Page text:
The progression of readings on Pentecost is quite beautiful for a modern-day listener. We live in a world that expresses and promotes individuality – what a beautiful thing! The recognition of one’s unique, irreplaceable role in history, one’s dignity, is pivotal; this comes from his or her very creation by an intelligent God of love. Yet, must we express individuality at the expense of relationship?
In the book of Acts, we see the Apostles gathered together in one place. A fisherman, a tax collector, a man of noble birth. Today we might see a janitor, an accountant, the grandson of a celebrity. They were gathered together, waiting for the one they had come to believe in to follow through, to send his Spirit. The Holy Spirit comes upon them, and suddenly, they are able to communicate with many from different regions, in languages they previously could not understand. This vision of unity is one filled with diversity – diversity in walks of life, diversity in culture. Yet, they are united by the promised Spirit. Trusting and abiding in Christ, they are moved into profoundly new relationships with others, yet becoming the one Body of Christ, the Church.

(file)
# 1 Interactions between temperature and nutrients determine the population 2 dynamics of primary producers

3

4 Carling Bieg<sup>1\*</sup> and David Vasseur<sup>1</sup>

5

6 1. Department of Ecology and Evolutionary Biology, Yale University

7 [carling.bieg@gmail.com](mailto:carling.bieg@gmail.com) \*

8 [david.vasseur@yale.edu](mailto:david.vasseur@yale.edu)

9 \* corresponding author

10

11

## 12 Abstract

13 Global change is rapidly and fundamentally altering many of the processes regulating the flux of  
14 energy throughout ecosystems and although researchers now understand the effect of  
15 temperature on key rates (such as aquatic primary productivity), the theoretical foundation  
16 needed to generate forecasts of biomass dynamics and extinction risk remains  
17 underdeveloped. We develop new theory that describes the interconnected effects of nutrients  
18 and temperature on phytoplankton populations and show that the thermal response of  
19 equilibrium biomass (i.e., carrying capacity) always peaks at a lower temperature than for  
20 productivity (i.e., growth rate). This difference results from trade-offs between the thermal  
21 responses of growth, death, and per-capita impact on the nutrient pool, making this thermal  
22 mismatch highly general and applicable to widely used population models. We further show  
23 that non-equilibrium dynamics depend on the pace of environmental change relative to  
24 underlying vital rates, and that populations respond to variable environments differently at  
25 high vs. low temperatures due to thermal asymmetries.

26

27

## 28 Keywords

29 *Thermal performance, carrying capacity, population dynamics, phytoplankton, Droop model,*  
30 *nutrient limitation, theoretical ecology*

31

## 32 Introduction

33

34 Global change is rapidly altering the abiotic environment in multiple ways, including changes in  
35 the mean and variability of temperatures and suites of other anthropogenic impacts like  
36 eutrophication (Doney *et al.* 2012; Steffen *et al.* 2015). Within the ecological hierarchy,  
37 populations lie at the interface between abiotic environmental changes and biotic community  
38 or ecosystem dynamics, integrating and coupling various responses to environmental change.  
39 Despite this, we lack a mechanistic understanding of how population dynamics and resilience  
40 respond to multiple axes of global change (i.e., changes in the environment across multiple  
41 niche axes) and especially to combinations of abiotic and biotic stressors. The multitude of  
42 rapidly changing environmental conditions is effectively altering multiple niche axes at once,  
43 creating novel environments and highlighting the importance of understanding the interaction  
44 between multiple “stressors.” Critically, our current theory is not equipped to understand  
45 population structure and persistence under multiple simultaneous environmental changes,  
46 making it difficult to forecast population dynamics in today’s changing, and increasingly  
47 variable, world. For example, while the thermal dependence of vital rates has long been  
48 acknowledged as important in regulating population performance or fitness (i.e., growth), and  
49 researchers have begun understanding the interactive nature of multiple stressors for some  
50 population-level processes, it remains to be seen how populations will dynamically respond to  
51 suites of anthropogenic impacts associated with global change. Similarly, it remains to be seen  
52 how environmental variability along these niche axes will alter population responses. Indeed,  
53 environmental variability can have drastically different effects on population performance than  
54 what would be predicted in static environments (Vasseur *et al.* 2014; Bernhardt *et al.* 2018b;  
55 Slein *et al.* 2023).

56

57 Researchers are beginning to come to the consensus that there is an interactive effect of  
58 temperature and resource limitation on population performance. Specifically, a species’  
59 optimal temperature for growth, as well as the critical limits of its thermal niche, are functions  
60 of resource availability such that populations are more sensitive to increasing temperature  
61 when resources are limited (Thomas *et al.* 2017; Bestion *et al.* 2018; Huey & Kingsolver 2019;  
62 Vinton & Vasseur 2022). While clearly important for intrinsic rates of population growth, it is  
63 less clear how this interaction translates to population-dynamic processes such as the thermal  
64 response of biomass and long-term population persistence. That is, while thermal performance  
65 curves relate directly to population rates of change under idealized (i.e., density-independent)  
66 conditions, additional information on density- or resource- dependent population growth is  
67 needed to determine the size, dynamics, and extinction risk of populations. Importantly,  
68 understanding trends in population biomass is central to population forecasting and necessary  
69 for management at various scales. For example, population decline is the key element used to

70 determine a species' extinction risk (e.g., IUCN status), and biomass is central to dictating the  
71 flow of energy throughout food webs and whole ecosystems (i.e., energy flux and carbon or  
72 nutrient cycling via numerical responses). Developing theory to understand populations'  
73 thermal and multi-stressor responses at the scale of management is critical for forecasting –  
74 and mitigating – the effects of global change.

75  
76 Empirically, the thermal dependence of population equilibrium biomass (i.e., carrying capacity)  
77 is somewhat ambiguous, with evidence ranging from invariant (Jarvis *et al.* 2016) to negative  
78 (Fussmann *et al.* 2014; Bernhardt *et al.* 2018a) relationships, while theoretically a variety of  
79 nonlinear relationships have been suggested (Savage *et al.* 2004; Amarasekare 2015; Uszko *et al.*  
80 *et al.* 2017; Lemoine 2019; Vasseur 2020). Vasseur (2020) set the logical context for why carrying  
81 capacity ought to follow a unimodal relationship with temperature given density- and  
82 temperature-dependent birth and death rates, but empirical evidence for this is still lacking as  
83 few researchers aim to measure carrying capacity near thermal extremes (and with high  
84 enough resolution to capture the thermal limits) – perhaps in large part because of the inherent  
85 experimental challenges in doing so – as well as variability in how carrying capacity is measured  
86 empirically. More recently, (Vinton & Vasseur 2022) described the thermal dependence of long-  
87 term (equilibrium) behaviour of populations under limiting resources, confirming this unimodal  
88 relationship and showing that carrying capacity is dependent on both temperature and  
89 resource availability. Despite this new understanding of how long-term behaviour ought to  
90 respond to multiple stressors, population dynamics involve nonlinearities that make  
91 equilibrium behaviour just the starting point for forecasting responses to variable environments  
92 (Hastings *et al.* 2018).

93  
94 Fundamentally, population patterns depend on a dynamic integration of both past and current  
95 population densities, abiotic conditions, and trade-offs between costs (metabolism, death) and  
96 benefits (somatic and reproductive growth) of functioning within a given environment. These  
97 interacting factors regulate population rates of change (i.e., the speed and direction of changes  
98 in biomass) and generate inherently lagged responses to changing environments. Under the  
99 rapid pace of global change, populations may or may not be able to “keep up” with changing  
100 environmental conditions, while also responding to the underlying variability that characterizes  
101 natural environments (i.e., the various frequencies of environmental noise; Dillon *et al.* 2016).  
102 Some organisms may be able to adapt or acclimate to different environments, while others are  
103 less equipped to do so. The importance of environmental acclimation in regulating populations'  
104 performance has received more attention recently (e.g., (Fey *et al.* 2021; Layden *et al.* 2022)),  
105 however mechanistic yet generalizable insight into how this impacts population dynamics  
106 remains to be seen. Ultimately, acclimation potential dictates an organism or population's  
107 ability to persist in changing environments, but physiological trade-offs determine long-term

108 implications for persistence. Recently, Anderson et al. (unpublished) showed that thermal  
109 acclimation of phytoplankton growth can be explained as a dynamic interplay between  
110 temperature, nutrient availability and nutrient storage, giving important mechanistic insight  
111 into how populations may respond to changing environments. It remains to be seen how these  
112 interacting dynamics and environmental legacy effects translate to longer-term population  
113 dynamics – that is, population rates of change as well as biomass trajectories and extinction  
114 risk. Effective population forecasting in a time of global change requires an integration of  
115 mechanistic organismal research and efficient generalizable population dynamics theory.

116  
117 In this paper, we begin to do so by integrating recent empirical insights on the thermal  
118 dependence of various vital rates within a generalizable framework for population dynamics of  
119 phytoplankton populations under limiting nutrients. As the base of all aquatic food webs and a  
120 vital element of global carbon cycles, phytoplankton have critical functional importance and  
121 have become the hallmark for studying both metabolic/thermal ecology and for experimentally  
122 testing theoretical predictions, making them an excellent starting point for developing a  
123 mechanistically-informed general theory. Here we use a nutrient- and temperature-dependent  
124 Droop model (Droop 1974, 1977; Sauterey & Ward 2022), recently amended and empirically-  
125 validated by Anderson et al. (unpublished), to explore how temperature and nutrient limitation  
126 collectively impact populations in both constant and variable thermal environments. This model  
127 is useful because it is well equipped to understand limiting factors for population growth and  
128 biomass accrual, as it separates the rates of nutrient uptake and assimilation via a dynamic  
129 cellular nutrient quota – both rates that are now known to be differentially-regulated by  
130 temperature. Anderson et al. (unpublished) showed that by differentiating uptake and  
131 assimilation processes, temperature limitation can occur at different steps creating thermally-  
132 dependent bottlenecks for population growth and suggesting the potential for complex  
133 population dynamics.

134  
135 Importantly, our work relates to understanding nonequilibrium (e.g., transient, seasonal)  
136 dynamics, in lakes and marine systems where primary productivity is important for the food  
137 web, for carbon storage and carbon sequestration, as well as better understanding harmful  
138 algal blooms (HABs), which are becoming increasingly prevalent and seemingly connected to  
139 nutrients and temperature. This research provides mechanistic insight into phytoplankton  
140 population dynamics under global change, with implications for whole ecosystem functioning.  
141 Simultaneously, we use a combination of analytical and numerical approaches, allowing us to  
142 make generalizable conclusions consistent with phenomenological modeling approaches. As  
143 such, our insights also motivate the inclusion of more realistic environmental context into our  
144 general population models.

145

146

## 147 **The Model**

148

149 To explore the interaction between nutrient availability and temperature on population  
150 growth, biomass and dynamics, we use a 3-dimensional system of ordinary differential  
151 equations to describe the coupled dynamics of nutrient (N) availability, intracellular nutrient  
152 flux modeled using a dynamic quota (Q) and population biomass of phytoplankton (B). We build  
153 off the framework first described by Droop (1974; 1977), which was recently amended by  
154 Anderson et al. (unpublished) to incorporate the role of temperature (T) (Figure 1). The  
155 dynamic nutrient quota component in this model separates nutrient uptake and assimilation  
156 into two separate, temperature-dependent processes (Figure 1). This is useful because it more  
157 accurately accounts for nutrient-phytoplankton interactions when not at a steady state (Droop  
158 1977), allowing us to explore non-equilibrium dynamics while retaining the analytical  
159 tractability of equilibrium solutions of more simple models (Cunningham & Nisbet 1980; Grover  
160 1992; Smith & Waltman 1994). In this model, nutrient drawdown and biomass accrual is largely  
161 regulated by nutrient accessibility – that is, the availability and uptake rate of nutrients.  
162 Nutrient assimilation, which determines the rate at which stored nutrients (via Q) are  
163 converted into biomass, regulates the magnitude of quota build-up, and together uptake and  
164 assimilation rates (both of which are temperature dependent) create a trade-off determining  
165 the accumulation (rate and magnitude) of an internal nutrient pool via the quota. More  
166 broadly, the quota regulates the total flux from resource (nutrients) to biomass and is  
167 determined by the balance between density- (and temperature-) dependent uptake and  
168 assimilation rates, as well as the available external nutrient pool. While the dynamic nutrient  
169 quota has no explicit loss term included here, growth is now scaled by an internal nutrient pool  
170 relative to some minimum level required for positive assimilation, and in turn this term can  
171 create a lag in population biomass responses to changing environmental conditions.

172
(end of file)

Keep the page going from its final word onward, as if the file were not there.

Paul echoes this sentiment in 1 Corinthians: Christ is one, and because we belong to his body, all of our quirks, colors, talents, and treasures are drawn into one remarkable whole. “There are different kinds of spiritual gifts but the same Spirit; there are different forms of service but the same Lord” (1 Cor. 12:4-5). In my classroom, where conversations come alive, my students may or may not have parents; they may be wealthy; and some may not have eaten breakfast. Some are outspoken, some silent, and some star on the sports team. Yet, when we achieve anything, it is precisely the interaction of these voices, these personalities, to which we owe our classroom successes.
Pentecost reminds us that our gloriously unique abilities and personalities are raised to new heights as part of a whole. The Spirit of the living God unites us to achieve all that is good with our individual cooperation and does not compromise our identity, but rather elevates it. The fisherman and the tax collector, all on fire with the Holy Spirit, baptized many nations. What more, then, can we do?
By: Jessica Mazal
Teacher at Notre Dame Fairfield